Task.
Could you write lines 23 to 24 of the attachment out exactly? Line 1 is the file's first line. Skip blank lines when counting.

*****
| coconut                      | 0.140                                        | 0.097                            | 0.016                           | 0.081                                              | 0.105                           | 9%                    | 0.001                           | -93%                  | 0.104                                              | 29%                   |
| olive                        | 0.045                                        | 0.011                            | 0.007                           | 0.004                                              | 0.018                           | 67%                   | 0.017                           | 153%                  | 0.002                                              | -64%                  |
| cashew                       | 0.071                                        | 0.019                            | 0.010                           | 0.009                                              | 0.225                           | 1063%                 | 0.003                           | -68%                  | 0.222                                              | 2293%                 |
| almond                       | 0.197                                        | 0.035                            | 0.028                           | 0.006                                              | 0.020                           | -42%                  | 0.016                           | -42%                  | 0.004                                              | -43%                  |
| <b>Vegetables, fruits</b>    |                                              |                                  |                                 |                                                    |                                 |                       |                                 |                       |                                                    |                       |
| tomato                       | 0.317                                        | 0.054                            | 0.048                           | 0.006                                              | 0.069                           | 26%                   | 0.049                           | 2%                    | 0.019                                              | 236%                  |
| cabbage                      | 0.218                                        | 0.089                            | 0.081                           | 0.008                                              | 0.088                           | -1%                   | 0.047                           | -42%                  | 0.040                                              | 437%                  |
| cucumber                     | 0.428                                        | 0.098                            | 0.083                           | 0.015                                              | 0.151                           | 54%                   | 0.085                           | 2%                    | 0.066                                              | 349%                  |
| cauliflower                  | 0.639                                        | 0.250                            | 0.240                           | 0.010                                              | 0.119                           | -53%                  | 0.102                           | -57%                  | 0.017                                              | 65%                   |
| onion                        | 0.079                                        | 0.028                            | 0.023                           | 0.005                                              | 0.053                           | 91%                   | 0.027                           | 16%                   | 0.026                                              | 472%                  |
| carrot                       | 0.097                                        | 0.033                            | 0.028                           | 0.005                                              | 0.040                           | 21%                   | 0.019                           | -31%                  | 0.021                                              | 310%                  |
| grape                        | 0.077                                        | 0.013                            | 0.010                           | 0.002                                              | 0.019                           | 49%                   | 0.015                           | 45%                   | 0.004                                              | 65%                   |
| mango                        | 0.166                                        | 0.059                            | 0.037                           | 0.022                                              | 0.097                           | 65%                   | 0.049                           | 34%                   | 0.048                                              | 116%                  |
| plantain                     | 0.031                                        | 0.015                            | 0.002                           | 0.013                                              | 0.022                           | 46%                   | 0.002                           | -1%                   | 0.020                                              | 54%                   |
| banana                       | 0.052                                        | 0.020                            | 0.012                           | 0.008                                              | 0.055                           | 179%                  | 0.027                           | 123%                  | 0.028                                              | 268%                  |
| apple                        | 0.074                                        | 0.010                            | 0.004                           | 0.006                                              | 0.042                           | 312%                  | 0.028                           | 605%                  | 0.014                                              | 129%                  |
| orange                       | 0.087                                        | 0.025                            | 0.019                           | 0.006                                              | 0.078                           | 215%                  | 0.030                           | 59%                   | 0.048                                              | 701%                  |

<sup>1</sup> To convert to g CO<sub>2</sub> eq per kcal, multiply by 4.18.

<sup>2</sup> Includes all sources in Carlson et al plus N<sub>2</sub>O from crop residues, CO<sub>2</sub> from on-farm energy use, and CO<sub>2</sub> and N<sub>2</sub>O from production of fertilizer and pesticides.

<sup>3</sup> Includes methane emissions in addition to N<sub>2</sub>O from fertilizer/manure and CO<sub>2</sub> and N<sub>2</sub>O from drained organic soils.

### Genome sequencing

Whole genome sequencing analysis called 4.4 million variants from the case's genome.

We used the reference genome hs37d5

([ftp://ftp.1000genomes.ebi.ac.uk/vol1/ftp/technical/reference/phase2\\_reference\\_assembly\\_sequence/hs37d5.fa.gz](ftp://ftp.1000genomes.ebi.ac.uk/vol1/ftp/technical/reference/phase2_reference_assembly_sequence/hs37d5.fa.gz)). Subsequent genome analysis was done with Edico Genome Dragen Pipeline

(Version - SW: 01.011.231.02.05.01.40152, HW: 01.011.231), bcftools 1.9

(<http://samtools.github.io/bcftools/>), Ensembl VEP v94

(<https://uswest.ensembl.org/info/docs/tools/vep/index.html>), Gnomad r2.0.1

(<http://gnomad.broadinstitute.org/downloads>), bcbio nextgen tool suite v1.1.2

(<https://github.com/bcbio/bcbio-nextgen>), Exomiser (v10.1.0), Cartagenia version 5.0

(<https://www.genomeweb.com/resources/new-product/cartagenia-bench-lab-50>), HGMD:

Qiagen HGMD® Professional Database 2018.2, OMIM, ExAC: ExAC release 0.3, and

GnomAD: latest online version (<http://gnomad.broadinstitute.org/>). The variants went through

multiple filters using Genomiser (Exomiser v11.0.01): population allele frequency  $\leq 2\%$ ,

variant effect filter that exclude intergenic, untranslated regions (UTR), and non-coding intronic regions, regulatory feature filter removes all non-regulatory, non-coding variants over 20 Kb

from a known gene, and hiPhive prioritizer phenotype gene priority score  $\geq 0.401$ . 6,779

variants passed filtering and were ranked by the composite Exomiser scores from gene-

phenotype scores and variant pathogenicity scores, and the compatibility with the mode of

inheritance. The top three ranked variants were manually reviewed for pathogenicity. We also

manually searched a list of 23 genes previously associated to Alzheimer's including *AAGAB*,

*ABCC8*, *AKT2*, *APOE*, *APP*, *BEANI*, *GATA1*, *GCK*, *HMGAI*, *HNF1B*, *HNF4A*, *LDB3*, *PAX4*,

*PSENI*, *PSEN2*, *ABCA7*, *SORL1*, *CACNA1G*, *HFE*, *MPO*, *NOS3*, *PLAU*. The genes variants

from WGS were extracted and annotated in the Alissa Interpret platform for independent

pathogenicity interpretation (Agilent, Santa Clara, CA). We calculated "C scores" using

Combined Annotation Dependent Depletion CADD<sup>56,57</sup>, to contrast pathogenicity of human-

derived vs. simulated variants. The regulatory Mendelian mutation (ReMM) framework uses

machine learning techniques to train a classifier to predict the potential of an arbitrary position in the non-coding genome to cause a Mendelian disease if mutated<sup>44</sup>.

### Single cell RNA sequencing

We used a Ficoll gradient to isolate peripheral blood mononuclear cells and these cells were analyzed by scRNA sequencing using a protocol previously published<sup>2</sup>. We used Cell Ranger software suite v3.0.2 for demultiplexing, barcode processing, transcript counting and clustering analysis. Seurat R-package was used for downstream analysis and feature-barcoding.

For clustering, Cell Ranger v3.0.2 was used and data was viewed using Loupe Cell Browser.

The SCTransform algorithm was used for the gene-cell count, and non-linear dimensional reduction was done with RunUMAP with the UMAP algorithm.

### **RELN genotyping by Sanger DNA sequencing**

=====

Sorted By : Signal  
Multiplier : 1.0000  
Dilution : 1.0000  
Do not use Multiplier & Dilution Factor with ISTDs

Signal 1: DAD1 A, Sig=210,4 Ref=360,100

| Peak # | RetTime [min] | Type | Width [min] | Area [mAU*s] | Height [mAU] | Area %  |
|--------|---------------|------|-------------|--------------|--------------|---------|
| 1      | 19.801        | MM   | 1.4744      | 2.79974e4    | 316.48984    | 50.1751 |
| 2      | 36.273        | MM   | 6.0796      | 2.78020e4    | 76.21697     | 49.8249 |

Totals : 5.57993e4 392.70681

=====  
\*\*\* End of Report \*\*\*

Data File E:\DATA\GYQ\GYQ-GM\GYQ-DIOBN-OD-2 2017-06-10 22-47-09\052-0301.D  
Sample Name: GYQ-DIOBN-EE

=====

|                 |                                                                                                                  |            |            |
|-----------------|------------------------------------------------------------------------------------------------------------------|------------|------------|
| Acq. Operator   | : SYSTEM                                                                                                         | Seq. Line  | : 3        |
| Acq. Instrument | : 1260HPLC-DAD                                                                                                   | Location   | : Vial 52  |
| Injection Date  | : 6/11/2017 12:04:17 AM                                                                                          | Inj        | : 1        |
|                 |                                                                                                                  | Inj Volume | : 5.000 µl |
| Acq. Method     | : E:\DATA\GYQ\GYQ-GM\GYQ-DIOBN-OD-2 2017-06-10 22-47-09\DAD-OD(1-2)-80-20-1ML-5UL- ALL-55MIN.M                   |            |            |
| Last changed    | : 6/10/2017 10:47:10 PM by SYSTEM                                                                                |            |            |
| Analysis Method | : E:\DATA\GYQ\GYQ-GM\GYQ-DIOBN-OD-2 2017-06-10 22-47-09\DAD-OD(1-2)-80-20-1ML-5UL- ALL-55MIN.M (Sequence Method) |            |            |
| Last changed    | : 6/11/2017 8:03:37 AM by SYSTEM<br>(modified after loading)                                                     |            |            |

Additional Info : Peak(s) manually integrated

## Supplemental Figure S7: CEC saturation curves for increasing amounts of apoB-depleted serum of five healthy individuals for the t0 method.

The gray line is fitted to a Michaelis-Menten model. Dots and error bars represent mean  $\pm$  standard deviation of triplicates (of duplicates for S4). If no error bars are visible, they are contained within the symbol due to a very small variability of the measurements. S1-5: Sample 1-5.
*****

We used the reference genome hs37d5

([ftp://ftp.1000genomes.ebi.ac.uk/vol1/ftp/technical/reference/phase2\\_reference\\_assembly\\_sequence/hs37d5.fa.gz](ftp://ftp.1000genomes.ebi.ac.uk/vol1/ftp/technical/reference/phase2_reference_assembly_sequence/hs37d5.fa.gz)). Subsequent genome analysis was done with Edico Genome Dragen Pipeline